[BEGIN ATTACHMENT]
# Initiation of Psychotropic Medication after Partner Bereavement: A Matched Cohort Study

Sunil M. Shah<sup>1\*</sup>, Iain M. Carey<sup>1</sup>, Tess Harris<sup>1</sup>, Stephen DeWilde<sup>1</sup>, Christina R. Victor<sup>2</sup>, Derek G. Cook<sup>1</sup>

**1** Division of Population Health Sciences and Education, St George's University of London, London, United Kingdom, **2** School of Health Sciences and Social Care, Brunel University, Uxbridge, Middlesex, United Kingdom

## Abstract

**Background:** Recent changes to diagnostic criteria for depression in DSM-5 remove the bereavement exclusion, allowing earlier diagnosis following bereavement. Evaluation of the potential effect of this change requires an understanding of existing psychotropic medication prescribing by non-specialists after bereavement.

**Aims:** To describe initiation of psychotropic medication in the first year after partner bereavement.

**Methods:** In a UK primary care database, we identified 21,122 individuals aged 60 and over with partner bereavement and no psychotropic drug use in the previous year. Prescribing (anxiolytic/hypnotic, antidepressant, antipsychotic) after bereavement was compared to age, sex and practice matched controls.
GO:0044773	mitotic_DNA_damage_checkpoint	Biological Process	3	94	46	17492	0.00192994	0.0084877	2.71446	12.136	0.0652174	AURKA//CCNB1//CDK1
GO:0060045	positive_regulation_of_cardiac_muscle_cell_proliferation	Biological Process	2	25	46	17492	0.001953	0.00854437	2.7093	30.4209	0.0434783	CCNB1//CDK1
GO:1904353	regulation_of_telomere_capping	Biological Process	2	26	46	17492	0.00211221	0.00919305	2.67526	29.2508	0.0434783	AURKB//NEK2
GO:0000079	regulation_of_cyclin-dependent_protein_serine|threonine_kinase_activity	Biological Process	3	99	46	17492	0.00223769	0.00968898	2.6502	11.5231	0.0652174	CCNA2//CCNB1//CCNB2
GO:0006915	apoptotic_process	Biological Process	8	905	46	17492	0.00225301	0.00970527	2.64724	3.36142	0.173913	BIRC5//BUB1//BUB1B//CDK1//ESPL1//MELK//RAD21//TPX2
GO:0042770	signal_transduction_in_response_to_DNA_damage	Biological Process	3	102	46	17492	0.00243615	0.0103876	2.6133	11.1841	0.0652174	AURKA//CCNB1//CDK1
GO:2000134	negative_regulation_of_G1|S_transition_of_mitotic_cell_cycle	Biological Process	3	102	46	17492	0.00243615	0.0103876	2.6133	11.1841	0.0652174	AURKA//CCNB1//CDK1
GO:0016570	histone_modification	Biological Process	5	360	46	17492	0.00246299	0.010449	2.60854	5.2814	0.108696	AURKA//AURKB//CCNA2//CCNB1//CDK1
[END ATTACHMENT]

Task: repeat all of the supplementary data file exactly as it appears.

# Initiation of Psychotropic Medication after Partner Bereavement: A Matched Cohort Study

Sunil M. Shah<sup>1\*</sup>, Iain M. Carey<sup>1</sup>, Tess Harris<sup>1</sup>, Stephen DeWilde<sup>1</sup>, Christina R. Victor<sup>2</sup>, Derek G. Cook<sup>1</sup>

**1** Division of Population Health Sciences and Education, St George's University of London, London, United Kingdom, **2** School of Health Sciences and Social Care, Brunel University, Uxbridge, Middlesex, United Kingdom

## Abstract

**Background:** Recent changes to diagnostic criteria for depression in DSM-5 remove the bereavement exclusion, allowing earlier diagnosis following bereavement. Evaluation of the potential effect of this change requires an understanding of existing psychotropic medication prescribing by non-specialists after bereavement.

**Aims:** To describe initiation of psychotropic medication in the first year after partner bereavement.

**Methods:** In a UK primary care database, we identified 21,122 individuals aged 60 and over with partner bereavement and no psychotropic drug use in the previous year. Prescribing (anxiolytic/hypnotic, antidepressant, antipsychotic) after bereavement was compared to age, sex and practice matched controls.
GO:0044773	mitotic_DNA_damage_checkpoint	Biological Process	3	94	46	17492	0.00192994	0.0084877	2.71446	12.136	0.0652174	AURKA//CCNB1//CDK1
GO:0060045	positive_regulation_of_cardiac_muscle_cell_proliferation	Biological Process	2	25	46	17492	0.001953	0.00854437	2.7093	30.4209	0.0434783	CCNB1//CDK1
GO:1904353	regulation_of_telomere_capping	Biological Process	2	26	46	17492	0.00211221	0.00919305	2.67526	29.2508	0.0434783	AURKB//NEK2
GO:0000079	regulation_of_cyclin-dependent_protein_serine|threonine_kinase_activity	Biological Process	3	99	46	17492	0.00223769	0.00968898	2.6502	11.5231	0.0652174	CCNA2//CCNB1//CCNB2
GO:0006915	apoptotic_process	Biological Process	8	905	46	17492	0.00225301	0.00970527	2.64724	3.36142	0.173913	BIRC5//BUB1//BUB1B//CDK1//ESPL1//MELK//RAD21//TPX2
GO:0042770	signal_transduction_in_response_to_DNA_damage	Biological Process	3	102	46	17492	0.00243615	0.0103876	2.6133	11.1841	0.0652174	AURKA//CCNB1//CDK1
GO:2000134	negative_regulation_of_G1|S_transition_of_mitotic_cell_cycle	Biological Process	3	102	46	17492	0.00243615	0.0103876	2.6133	11.1841	0.0652174	AURKA//CCNB1//CDK1
GO:0016570	histone_modification	Biological Process	5	360	46	17492	0.00246299	0.010449	2.60854	5.2814	0.108696	AURKA//AURKB//CCNA2//CCNB1//CDK1